Generally, diminished value is the difference between the value of the vehicle if there had never been damage, and its value after repairs have been completed.
The case centers around a 20-year-old ruling in State Farm Mutual Insurance Co. v. Mabry, which established how State Farm is to calculate diminished value for its Georgia customers. Finding that State Farm had no appropriate methodology for calculating DV, the trial court gave State Farm a number of options, including something called the “17 (c) formula” used by other major insurers operating in Georgia. State Farm adopted 17 (c), and, as Land noted, is still bound to use the formula today, under threat of contempt.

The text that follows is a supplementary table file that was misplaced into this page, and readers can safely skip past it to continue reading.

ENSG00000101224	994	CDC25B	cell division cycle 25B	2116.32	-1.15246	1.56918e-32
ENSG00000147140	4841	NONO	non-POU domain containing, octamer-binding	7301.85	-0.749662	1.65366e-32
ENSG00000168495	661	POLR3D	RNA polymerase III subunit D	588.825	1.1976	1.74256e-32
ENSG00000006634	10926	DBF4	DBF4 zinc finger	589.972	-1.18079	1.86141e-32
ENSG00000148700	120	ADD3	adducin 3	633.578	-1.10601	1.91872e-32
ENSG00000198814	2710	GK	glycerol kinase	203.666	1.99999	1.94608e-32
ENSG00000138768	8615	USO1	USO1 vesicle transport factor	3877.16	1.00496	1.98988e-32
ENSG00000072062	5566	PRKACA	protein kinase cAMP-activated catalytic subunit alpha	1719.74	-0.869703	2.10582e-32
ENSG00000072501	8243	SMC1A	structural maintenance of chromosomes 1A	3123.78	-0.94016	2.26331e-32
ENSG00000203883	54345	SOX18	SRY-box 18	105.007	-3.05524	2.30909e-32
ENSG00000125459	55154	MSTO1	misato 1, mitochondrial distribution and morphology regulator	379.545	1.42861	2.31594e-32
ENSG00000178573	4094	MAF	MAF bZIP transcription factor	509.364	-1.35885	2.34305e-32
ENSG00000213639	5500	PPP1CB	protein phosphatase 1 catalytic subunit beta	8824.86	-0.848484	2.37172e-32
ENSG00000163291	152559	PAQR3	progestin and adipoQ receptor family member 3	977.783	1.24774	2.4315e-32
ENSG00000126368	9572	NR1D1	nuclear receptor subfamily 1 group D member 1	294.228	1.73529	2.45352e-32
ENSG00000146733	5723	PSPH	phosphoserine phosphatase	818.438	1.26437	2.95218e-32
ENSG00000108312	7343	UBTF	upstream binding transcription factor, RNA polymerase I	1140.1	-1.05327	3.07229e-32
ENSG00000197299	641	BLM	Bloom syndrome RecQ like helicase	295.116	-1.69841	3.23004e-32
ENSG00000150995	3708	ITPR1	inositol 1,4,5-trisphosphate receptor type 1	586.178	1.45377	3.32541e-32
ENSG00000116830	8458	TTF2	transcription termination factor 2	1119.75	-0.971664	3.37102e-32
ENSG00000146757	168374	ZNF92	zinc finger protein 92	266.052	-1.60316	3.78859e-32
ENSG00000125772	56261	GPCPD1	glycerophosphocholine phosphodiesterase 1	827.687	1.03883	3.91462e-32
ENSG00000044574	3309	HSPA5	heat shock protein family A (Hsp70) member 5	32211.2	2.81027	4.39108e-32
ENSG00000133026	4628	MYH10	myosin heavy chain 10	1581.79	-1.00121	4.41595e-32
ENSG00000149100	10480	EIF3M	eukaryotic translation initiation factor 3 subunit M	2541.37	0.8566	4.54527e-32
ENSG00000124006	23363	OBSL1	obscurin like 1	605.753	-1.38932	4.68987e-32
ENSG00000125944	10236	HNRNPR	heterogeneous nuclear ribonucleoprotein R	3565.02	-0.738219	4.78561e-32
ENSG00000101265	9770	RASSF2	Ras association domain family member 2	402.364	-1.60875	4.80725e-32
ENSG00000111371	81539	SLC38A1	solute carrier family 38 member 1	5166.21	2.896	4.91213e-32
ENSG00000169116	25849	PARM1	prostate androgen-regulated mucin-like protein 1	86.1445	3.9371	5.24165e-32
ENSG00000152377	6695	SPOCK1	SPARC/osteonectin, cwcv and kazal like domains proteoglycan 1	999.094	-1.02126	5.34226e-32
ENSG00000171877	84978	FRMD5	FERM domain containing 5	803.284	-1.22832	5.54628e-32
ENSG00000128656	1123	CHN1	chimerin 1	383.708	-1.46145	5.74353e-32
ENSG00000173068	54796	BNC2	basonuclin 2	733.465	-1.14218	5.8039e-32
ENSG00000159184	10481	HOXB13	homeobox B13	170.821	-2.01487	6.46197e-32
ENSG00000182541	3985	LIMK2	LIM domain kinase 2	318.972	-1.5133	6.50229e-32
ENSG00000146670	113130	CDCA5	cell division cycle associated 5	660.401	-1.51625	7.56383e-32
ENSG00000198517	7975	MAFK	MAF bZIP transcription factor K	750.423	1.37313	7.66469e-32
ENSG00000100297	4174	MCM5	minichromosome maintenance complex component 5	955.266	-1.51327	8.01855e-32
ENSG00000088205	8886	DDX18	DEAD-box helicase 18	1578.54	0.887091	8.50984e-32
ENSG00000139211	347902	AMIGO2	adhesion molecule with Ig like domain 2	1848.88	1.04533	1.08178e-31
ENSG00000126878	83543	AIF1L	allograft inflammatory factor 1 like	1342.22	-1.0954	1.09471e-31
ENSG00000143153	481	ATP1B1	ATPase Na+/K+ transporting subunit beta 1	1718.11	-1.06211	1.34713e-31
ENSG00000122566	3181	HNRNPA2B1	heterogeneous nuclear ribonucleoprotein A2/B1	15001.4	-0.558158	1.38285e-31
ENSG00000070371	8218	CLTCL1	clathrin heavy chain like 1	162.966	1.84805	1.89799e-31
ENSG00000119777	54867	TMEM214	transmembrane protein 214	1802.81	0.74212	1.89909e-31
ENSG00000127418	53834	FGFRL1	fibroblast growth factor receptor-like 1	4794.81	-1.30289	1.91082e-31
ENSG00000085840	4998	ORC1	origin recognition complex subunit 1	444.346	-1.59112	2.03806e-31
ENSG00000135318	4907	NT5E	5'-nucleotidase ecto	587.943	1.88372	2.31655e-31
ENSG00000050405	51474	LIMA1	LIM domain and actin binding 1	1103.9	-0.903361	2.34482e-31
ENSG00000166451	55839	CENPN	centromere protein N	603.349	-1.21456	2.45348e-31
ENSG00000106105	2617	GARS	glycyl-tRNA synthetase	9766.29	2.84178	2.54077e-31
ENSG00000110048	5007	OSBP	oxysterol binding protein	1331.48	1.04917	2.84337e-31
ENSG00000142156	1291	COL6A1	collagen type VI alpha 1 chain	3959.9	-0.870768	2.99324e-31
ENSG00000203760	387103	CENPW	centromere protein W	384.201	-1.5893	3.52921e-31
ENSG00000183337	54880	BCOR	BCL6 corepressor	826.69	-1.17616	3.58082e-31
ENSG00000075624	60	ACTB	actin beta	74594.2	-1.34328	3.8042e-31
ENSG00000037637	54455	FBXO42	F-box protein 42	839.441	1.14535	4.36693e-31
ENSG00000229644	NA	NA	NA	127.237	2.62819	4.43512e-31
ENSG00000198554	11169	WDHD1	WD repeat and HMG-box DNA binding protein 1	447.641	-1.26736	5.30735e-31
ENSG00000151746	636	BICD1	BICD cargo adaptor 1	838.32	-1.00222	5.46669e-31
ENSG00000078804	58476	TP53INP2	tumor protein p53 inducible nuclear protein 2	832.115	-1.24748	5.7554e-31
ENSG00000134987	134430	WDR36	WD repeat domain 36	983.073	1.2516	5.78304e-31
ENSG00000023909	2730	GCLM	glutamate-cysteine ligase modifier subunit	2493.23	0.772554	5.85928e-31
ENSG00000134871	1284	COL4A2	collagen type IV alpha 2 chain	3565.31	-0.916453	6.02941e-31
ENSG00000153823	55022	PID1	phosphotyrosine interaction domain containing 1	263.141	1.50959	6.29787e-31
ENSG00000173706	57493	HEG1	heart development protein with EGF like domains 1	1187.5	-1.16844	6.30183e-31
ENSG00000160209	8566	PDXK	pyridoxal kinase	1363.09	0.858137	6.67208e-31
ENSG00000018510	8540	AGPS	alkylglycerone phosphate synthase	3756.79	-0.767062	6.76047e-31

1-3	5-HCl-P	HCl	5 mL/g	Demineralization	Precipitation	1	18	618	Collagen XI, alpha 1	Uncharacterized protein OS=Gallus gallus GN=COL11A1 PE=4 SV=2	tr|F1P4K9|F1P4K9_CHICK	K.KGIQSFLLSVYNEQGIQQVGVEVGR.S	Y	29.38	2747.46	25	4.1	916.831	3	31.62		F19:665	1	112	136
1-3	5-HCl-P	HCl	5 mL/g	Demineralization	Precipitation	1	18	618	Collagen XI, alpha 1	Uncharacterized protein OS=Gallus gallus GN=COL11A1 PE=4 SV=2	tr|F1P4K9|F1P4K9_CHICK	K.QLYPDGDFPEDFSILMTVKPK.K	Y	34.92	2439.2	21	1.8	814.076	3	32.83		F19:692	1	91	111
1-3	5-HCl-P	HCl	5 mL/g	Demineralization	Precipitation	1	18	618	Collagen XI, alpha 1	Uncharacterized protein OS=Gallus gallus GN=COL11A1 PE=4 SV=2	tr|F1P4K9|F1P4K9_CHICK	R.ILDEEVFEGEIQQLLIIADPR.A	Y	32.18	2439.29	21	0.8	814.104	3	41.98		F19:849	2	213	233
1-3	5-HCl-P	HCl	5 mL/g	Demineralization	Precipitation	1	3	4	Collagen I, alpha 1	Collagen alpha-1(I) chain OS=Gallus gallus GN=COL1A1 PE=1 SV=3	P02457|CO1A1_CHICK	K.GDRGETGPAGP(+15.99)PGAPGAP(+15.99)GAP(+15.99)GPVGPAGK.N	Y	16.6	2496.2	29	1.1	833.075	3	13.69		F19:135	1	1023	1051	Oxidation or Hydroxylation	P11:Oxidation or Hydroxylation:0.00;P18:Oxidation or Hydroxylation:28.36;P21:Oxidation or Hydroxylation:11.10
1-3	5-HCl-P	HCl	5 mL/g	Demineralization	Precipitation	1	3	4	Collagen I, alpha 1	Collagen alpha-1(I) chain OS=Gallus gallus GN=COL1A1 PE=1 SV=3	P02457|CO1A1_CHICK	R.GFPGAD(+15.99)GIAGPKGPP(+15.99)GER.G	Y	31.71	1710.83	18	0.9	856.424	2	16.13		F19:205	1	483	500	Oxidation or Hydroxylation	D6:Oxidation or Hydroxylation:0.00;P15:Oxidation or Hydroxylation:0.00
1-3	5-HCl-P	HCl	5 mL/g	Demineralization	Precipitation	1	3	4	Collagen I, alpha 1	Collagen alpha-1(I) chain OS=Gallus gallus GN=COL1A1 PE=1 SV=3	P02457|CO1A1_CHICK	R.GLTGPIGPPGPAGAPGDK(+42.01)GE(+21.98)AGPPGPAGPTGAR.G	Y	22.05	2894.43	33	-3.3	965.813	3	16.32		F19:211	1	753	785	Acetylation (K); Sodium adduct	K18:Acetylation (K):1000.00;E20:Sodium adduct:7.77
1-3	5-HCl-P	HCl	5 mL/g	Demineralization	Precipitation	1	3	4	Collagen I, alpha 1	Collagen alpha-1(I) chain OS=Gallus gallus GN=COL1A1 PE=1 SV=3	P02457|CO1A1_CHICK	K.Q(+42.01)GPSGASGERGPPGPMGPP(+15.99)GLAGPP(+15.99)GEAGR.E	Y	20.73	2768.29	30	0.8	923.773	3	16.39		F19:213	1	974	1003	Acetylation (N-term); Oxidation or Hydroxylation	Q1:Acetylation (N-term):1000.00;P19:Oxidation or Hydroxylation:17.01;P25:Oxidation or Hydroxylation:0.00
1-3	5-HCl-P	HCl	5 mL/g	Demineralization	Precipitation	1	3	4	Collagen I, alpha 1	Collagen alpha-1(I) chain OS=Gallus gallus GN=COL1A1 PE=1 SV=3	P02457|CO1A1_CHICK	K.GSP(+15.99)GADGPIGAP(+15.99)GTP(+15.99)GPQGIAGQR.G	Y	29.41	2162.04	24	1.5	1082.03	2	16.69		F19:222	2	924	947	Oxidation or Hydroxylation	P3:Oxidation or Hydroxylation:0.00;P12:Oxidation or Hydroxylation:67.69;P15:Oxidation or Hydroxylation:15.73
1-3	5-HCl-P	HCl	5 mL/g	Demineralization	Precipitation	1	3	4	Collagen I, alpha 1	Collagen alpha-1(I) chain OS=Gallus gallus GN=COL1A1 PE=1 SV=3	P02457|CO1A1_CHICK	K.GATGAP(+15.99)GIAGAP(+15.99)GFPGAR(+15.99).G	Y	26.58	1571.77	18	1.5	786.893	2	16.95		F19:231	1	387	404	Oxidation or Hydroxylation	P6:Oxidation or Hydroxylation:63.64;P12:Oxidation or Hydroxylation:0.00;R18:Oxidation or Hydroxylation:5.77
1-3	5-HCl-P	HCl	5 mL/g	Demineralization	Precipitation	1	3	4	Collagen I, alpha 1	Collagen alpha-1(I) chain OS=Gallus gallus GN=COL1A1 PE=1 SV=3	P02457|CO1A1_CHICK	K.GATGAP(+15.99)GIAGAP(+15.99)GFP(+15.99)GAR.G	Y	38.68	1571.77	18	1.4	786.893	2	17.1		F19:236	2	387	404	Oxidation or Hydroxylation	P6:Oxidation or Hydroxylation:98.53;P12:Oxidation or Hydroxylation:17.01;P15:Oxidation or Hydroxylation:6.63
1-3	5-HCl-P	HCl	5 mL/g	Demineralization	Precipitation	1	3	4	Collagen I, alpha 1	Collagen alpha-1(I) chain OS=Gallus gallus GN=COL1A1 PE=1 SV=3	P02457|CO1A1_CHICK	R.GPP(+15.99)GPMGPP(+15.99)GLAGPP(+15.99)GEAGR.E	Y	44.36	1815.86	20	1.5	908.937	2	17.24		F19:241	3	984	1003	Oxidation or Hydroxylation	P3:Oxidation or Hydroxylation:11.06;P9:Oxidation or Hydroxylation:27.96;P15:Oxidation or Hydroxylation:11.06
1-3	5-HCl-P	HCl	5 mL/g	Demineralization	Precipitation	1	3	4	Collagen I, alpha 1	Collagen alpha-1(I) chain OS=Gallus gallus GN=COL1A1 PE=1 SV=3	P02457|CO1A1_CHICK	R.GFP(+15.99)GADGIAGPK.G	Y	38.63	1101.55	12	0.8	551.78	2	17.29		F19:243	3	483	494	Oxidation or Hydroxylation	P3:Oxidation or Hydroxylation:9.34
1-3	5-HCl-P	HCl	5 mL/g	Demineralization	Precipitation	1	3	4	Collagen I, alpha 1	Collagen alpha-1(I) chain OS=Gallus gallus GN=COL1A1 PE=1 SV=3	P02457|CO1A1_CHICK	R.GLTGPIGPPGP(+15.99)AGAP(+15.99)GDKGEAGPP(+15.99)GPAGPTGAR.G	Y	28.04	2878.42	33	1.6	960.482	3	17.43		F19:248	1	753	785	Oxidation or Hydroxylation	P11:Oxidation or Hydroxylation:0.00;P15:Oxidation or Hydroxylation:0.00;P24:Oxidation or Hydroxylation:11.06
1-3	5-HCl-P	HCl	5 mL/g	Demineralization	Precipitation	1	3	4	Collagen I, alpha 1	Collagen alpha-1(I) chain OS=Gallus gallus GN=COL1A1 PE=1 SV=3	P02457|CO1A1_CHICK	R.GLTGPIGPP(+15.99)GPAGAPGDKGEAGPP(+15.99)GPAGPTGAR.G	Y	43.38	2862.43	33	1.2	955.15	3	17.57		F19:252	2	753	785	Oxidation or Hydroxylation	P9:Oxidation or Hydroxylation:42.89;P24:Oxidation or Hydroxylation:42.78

In his ruling, Land offers this description of how State Farm employs 17 (c):
“First, State Farm calculates the ‘base loss of value,’ which is ten percent of the vehicle’s pre-loss retail value as determined using the National Automobile Dealers Association website, which considers variables like year, make, model, series, body style, options, trim packages, and mileage. Second, State Farm assigns a ‘damage severity modifier’ ranging from 0.0 (“No structural damage and replaced panels”) to 1.0 (“Severe damage to the structure of the vehicle”)…. Third, State Farm calculates a ‘mileage modifier,’ which is calculated by using the following formula: (Maximum Miles for Retail Sale – Actual Miles)/Maximum Miles for Retail Sale. Under State Farm’s formula, the maximum miles for retail sale is generally 100,000 miles, but for some vehicles it can be adjusted to 150,000 miles. Finally, State Farm calculates the diminished value by multiplying base loss of value by the damage severity modifier and the mileage modifier. If there was prior damage not attributable to the loss being adjusted, it is taken into account by performing a second 17(c) calculation.”